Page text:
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I like when I can paint a picture of how Azure Log Analytics workspaces are ingesting data, what cost, and how the telemetry around the data looks.
With Microsoft's built-in workbook template in Microsoft Sentinel, named "Data collection health monitoring", we can visualize the data ingestion and quickly understand our workspaces and the data we have.
Use case: Understand the cost of data ingestion
When operating distributed cloud solutions across regions and continents, it gets tricky to track everything for multiple reasons.
Depending on regulatory requirements, we might be obliged to separate workspaces depending on where the data resides and what other data might be ingested into the same workspace.
In reality, we have many Azure Log Analytics workspaces spread across the globe, and that's okay. However, it does present additional challenges for cost analytics and understanding the impact of the data ingestion at scale.
With the "Data collection health monitoring" workbook by Microsoft, understanding this data becomes much more manageable.
When it comes to cost: The more data you have, the more expensive it gets as we pay per GB in the data ingestion.
Use case: Understand the amount and weight of the data ingested
Working with Azure Log Analytics, I realized that I need to optimize costs a lot and limit the amount of data I ingest. However, it's not always easy to decide what information to cut down on or exclude.
I believe this decision becomes more manageable when we can understand the amount of data in different tables and the weight of that data. Weight, in this case, could mean the number of items or size per entry; But, usually, it's a combination of both - in the end, it's the ingested GB for which you pay.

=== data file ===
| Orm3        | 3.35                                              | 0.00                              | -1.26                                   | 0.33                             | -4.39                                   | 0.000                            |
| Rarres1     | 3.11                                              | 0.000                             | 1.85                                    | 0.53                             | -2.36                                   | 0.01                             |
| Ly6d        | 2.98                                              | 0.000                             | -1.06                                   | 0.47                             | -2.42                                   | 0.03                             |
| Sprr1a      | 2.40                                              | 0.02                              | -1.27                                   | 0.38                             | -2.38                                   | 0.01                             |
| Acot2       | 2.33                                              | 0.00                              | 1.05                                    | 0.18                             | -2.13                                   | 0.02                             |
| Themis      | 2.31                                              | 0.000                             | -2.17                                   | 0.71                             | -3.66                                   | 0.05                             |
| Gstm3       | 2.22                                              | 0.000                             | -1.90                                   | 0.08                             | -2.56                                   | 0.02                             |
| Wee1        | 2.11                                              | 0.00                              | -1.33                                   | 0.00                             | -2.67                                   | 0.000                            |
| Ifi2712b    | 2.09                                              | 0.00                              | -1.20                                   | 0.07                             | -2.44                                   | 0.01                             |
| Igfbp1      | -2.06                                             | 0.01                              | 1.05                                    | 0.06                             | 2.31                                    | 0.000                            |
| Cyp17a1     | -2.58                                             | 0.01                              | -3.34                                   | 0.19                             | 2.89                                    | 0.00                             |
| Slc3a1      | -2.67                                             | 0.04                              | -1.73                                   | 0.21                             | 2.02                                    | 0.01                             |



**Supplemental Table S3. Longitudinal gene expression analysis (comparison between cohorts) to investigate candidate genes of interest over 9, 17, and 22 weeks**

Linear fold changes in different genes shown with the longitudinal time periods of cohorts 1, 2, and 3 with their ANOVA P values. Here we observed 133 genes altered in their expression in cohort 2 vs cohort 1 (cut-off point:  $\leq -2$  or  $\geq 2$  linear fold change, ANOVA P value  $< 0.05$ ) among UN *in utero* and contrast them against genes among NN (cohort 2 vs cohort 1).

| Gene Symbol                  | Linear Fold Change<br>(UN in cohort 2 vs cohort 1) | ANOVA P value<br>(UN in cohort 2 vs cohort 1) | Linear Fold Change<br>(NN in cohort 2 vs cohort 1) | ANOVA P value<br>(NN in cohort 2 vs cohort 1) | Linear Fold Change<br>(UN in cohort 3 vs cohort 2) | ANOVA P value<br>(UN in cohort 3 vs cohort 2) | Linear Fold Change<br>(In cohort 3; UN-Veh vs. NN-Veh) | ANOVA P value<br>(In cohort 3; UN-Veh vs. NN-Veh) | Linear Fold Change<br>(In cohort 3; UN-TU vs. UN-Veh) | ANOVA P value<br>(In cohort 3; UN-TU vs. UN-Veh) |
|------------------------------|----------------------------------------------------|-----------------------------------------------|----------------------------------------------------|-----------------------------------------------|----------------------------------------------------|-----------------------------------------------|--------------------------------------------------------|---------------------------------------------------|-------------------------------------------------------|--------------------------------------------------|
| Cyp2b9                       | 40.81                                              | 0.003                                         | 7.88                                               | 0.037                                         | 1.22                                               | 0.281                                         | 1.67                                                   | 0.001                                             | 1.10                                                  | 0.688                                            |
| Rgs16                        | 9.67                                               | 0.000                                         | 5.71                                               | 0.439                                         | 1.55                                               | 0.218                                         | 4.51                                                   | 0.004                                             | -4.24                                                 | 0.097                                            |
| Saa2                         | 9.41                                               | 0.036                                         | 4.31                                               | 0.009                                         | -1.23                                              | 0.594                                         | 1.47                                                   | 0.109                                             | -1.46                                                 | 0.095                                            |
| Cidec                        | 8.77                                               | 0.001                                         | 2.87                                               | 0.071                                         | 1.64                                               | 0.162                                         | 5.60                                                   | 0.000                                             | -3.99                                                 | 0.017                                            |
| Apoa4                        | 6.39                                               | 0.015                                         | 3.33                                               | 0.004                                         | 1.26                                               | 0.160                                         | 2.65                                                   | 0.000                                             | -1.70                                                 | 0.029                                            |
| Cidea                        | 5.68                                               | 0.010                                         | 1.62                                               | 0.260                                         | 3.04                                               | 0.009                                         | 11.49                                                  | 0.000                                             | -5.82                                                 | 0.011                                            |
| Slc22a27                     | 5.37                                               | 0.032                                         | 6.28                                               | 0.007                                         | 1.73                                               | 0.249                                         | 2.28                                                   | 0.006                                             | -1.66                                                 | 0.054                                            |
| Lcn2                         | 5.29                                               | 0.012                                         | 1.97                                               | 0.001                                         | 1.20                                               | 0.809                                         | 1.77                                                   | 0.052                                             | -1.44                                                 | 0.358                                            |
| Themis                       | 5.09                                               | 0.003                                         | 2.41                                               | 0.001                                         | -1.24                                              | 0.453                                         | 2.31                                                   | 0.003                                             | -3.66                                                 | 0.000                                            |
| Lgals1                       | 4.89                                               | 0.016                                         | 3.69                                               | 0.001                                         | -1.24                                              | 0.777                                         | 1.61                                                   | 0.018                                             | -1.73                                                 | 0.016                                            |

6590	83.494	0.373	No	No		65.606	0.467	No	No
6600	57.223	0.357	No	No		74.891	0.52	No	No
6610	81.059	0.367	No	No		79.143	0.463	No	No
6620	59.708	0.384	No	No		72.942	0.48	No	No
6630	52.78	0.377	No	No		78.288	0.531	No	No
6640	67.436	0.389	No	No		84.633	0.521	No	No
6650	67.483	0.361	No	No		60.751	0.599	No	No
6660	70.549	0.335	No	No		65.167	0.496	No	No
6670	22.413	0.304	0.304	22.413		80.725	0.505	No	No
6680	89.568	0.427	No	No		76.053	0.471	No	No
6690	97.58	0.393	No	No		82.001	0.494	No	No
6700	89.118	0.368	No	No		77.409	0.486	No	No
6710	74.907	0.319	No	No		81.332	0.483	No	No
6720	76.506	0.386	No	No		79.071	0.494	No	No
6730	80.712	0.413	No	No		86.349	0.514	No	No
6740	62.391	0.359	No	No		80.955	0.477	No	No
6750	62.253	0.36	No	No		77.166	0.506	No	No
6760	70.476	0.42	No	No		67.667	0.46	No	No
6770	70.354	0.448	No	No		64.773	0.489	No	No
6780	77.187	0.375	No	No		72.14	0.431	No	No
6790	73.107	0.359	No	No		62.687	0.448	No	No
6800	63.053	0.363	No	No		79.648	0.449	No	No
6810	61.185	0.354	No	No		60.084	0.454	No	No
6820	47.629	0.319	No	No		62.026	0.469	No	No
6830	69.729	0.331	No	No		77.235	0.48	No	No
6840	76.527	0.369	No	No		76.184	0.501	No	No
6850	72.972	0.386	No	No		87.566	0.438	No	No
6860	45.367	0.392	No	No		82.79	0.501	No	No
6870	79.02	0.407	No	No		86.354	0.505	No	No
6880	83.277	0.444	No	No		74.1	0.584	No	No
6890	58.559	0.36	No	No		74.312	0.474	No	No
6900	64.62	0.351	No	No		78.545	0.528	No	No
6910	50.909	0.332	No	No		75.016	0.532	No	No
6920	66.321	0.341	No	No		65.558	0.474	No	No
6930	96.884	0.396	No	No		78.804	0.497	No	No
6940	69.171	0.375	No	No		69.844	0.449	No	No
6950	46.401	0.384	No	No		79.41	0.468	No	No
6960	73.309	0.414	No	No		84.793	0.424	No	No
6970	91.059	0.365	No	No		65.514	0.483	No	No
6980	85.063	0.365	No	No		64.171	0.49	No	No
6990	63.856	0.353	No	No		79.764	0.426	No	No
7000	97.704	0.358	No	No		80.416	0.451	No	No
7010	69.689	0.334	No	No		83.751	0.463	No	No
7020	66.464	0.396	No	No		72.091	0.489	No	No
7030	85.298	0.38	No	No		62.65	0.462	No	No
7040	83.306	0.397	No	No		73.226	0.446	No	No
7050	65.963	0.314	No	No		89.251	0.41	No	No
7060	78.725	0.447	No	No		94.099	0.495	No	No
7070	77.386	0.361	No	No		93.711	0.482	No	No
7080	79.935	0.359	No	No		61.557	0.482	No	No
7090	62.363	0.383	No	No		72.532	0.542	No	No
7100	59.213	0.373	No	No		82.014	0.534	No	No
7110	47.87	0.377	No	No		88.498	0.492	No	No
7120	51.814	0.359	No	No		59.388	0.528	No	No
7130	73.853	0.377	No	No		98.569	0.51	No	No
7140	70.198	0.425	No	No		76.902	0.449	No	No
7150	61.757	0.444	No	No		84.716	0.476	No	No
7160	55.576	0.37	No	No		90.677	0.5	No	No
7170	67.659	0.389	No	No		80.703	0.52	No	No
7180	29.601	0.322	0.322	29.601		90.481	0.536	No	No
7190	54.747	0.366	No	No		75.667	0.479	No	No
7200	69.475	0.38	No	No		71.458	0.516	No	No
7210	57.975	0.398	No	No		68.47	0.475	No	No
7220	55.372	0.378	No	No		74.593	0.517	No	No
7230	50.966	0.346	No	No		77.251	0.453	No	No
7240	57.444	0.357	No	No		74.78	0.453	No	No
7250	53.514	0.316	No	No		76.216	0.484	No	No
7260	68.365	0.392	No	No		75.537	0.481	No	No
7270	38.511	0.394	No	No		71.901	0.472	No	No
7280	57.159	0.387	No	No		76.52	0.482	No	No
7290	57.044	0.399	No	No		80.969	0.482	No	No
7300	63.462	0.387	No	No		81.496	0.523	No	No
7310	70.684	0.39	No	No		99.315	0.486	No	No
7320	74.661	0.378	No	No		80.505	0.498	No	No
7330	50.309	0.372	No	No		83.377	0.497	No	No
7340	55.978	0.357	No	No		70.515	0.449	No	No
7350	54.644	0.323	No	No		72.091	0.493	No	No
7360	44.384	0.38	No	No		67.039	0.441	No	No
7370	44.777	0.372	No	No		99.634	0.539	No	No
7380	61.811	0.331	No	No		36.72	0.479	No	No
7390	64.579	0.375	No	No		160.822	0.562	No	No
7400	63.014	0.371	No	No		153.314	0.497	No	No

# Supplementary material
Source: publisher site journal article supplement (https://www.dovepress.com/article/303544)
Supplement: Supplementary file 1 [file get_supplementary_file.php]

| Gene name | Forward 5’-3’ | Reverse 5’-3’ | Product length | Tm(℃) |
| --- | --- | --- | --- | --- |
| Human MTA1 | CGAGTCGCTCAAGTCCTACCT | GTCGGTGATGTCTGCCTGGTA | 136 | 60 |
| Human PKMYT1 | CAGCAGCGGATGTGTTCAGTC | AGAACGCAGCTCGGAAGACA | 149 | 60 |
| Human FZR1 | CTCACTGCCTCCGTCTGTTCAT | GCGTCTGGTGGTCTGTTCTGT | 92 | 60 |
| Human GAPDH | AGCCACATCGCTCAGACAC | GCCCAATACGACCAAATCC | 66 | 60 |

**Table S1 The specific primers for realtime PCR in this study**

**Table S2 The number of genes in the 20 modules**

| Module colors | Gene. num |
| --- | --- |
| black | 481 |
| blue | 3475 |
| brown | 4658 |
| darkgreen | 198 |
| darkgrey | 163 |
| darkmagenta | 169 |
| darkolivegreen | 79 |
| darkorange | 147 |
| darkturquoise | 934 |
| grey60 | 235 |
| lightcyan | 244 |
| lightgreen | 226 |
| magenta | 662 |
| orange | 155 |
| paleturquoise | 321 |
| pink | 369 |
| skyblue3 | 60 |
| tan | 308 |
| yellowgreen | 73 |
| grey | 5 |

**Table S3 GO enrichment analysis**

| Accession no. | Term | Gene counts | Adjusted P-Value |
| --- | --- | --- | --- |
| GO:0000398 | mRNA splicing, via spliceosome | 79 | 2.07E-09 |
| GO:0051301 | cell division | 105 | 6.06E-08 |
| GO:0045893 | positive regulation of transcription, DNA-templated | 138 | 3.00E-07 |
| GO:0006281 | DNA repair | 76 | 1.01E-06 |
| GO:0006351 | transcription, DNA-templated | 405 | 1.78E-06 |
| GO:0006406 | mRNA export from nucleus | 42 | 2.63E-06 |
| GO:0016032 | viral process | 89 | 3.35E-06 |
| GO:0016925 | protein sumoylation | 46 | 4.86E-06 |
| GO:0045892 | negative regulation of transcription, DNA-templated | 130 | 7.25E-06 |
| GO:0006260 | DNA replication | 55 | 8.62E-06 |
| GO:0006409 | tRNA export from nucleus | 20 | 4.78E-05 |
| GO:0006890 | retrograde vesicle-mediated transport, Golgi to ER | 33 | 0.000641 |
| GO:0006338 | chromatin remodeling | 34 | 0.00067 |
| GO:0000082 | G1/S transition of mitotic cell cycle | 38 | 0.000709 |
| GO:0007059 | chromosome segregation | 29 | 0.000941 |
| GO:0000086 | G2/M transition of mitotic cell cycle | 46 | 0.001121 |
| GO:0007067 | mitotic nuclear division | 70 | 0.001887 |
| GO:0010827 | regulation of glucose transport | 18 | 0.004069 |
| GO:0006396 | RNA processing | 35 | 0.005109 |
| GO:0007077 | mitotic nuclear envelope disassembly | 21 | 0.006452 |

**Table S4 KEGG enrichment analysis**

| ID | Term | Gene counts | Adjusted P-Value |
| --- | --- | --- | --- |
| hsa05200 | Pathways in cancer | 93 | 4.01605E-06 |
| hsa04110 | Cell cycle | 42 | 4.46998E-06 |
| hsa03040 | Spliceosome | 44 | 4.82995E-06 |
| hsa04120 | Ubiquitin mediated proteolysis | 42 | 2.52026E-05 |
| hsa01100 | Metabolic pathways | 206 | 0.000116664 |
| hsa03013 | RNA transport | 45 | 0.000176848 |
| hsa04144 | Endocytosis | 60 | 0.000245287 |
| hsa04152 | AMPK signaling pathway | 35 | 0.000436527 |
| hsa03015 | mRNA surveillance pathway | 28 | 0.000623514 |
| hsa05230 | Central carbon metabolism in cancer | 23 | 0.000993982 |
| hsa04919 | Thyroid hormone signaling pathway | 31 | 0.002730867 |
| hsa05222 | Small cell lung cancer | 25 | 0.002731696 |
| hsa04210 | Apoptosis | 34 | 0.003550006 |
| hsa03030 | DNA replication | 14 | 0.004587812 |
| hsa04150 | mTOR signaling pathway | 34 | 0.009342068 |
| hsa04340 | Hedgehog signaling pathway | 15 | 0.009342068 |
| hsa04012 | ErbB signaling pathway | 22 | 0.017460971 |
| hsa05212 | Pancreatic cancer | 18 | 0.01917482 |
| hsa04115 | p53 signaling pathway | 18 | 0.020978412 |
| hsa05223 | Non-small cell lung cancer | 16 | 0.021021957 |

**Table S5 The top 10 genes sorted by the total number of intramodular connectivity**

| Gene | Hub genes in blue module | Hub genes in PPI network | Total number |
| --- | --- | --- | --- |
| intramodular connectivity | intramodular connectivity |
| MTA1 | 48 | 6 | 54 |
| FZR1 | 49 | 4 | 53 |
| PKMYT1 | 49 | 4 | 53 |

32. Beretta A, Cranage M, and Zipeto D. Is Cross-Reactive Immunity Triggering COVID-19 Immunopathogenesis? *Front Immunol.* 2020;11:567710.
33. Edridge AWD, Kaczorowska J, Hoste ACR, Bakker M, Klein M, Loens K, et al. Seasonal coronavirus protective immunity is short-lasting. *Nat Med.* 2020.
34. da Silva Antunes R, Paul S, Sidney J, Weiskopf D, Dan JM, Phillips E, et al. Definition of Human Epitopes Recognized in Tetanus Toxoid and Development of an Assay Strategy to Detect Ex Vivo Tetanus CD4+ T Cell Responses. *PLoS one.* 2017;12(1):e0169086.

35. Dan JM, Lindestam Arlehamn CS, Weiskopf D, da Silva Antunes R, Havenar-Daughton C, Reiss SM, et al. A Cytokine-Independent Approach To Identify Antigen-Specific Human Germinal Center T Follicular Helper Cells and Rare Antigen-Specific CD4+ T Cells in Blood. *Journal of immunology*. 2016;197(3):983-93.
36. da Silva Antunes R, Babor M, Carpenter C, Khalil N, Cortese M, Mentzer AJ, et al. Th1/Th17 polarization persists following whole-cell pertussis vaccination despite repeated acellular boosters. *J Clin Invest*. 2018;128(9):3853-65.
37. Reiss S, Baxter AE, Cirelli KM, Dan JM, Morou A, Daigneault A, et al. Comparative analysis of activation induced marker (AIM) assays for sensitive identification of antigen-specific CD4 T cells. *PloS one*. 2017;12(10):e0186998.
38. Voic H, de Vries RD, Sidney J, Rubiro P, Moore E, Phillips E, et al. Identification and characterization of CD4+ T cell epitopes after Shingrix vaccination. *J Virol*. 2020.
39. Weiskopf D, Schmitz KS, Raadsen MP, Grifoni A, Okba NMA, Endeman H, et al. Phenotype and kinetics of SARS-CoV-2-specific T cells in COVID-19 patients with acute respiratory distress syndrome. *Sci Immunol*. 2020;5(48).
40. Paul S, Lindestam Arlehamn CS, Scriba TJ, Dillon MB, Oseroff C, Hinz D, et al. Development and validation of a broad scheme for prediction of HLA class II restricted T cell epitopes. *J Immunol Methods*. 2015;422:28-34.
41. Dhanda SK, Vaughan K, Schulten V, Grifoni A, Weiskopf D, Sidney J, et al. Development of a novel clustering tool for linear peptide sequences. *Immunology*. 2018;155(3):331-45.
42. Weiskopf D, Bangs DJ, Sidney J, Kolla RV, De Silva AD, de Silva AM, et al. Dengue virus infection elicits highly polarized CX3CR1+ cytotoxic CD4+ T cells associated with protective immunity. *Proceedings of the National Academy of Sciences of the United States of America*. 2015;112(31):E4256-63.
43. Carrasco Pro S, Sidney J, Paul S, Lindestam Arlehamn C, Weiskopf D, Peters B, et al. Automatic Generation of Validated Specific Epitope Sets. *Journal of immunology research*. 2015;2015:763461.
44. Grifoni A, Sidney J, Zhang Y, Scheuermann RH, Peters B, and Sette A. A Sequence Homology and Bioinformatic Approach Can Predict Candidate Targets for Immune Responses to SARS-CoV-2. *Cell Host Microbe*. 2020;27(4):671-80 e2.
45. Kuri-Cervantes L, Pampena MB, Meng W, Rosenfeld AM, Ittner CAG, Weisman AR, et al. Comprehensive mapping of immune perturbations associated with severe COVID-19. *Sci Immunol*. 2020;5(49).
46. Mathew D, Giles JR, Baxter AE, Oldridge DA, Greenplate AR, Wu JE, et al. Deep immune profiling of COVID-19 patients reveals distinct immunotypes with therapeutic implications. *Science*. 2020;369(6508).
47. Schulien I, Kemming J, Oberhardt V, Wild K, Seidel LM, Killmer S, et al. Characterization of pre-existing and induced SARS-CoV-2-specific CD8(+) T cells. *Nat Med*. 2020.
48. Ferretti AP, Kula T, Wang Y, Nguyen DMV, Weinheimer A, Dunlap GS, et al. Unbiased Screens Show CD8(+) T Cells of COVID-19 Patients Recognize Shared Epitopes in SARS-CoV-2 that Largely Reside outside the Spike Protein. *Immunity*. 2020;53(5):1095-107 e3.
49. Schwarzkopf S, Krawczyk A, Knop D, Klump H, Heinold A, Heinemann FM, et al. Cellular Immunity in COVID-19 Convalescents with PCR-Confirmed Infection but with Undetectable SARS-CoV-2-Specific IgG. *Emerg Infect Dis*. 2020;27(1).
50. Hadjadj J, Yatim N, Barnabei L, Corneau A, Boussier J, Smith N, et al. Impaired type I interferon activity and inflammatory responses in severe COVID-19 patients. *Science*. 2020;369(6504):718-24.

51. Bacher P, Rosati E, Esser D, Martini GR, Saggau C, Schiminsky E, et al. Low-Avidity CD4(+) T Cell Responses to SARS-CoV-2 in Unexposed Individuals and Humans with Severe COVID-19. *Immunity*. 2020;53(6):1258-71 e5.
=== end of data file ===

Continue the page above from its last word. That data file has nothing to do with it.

When reviewing the data here, I can see that I have two main points of data ingestion where I have a lot of ingested GB's.
- App Traces.
- App Dependencies.
Now, talking about App Dependencies, there are crucial considerations we need to make in our custom applications for whether to log failing dependencies or not.
I wrote a post about Exclusing failing dependencies from Application Insights logging. This blog post talks about how and why you might want to filter out specific dependencies that are outside of your control - because you will pay for them.
We've taken a look at the data here, and every situation is, of course, different. You might have another scenario that dictates another decision to include or exclude in your custom logs. Now we at least know where to start looking.
Here's another view to help us understand how the data is spread across the different entities and tables.
Use case: Discover anomalies in data ingestion
It's not always easy to discover patterns and service behavior. With the anomaly analysis, we see a hint at where we might need to spend some time looking.
During the investigation of anomalies in data ingestion, I can hopefully try to understand when and why they happen and correlate with something else that's happening.
It's not uncommon that there are delays in data ingestion, and we get a service notification about it. With the anomaly analysis, we can discover more things about how data is being ingested.